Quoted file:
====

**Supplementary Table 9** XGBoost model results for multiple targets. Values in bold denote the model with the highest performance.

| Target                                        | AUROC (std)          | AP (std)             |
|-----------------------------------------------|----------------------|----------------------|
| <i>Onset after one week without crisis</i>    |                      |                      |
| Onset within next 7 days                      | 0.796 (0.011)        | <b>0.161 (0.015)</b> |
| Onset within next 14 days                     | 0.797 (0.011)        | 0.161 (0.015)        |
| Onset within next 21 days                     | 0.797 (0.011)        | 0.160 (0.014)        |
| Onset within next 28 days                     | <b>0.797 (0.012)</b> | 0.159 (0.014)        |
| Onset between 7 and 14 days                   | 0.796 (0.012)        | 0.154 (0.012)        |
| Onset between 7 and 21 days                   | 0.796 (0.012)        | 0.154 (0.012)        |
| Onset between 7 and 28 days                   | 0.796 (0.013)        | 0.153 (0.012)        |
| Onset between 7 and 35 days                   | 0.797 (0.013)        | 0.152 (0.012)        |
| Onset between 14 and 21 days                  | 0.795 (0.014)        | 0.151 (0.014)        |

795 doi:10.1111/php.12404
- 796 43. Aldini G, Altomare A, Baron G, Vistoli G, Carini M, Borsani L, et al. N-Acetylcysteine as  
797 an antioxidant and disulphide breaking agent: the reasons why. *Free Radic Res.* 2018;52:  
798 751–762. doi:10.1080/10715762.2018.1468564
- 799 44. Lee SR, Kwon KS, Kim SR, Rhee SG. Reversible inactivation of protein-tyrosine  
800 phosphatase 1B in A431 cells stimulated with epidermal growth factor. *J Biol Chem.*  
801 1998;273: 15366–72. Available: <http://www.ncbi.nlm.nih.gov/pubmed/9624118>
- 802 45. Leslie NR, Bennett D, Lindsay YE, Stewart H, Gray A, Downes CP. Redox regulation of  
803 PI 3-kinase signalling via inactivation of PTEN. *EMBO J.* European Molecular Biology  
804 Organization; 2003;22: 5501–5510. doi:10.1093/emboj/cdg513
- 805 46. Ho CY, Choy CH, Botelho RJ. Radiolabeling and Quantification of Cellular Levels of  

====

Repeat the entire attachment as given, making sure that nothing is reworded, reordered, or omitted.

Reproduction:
**Supplementary Table 9** XGBoost model results for multiple targets. Values in bold denote the model with the highest performance.

| Target                                        | AUROC (std)          | AP (std)             |
|-----------------------------------------------|----------------------|----------------------|
| <i>Onset after one week without crisis</i>    |                      |                      |
| Onset within next 7 days                      | 0.796 (0.011)        | <b>0.161 (0.015)</b> |
| Onset within next 14 days                     | 0.797 (0.011)        | 0.161 (0.015)        |
| Onset within next 21 days                     | 0.797 (0.011)        | 0.160 (0.014)        |
| Onset within next 28 days                     | <b>0.797 (0.012)</b> | 0.159 (0.014)        |
| Onset between 7 and 14 days                   | 0.796 (0.012)        | 0.154 (0.012)        |
| Onset between 7 and 21 days                   | 0.796 (0.012)        | 0.154 (0.012)        |
| Onset between 7 and 28 days                   | 0.796 (0.013)        | 0.153 (0.012)        |
| Onset between 7 and 35 days                   | 0.797 (0.013)        | 0.152 (0.012)        |
| Onset between 14 and 21 days                  | 0.795 (0.014)        | 0.151 (0.014)        |

795 doi:10.1111/php.12404
- 796 43. Aldini G, Altomare A, Baron G, Vistoli G, Carini M, Borsani L, et al. N-Acetylcysteine as  
797 an antioxidant and disulphide breaking agent: the reasons why. *Free Radic Res.* 2018;52:  
798 751–762. doi:10.1080/10715762.2018.1468564
- 799 44. Lee SR, Kwon KS, Kim SR, Rhee SG. Reversible inactivation of protein-tyrosine  
800 phosphatase 1B in A431 cells stimulated with epidermal growth factor. *J Biol Chem.*  
801 1998;273: 15366–72. Available: <http://www.ncbi.nlm.nih.gov/pubmed/9624118>
- 802 45. Leslie NR, Bennett D, Lindsay YE, Stewart H, Gray A, Downes CP. Redox regulation of  
803 PI 3-kinase signalling via inactivation of PTEN. *EMBO J.* European Molecular Biology  
804 Organization; 2003;22: 5501–5510. doi:10.1093/emboj/cdg513
- 805 46. Ho CY, Choy CH, Botelho RJ. Radiolabeling and Quantification of Cellular Levels of  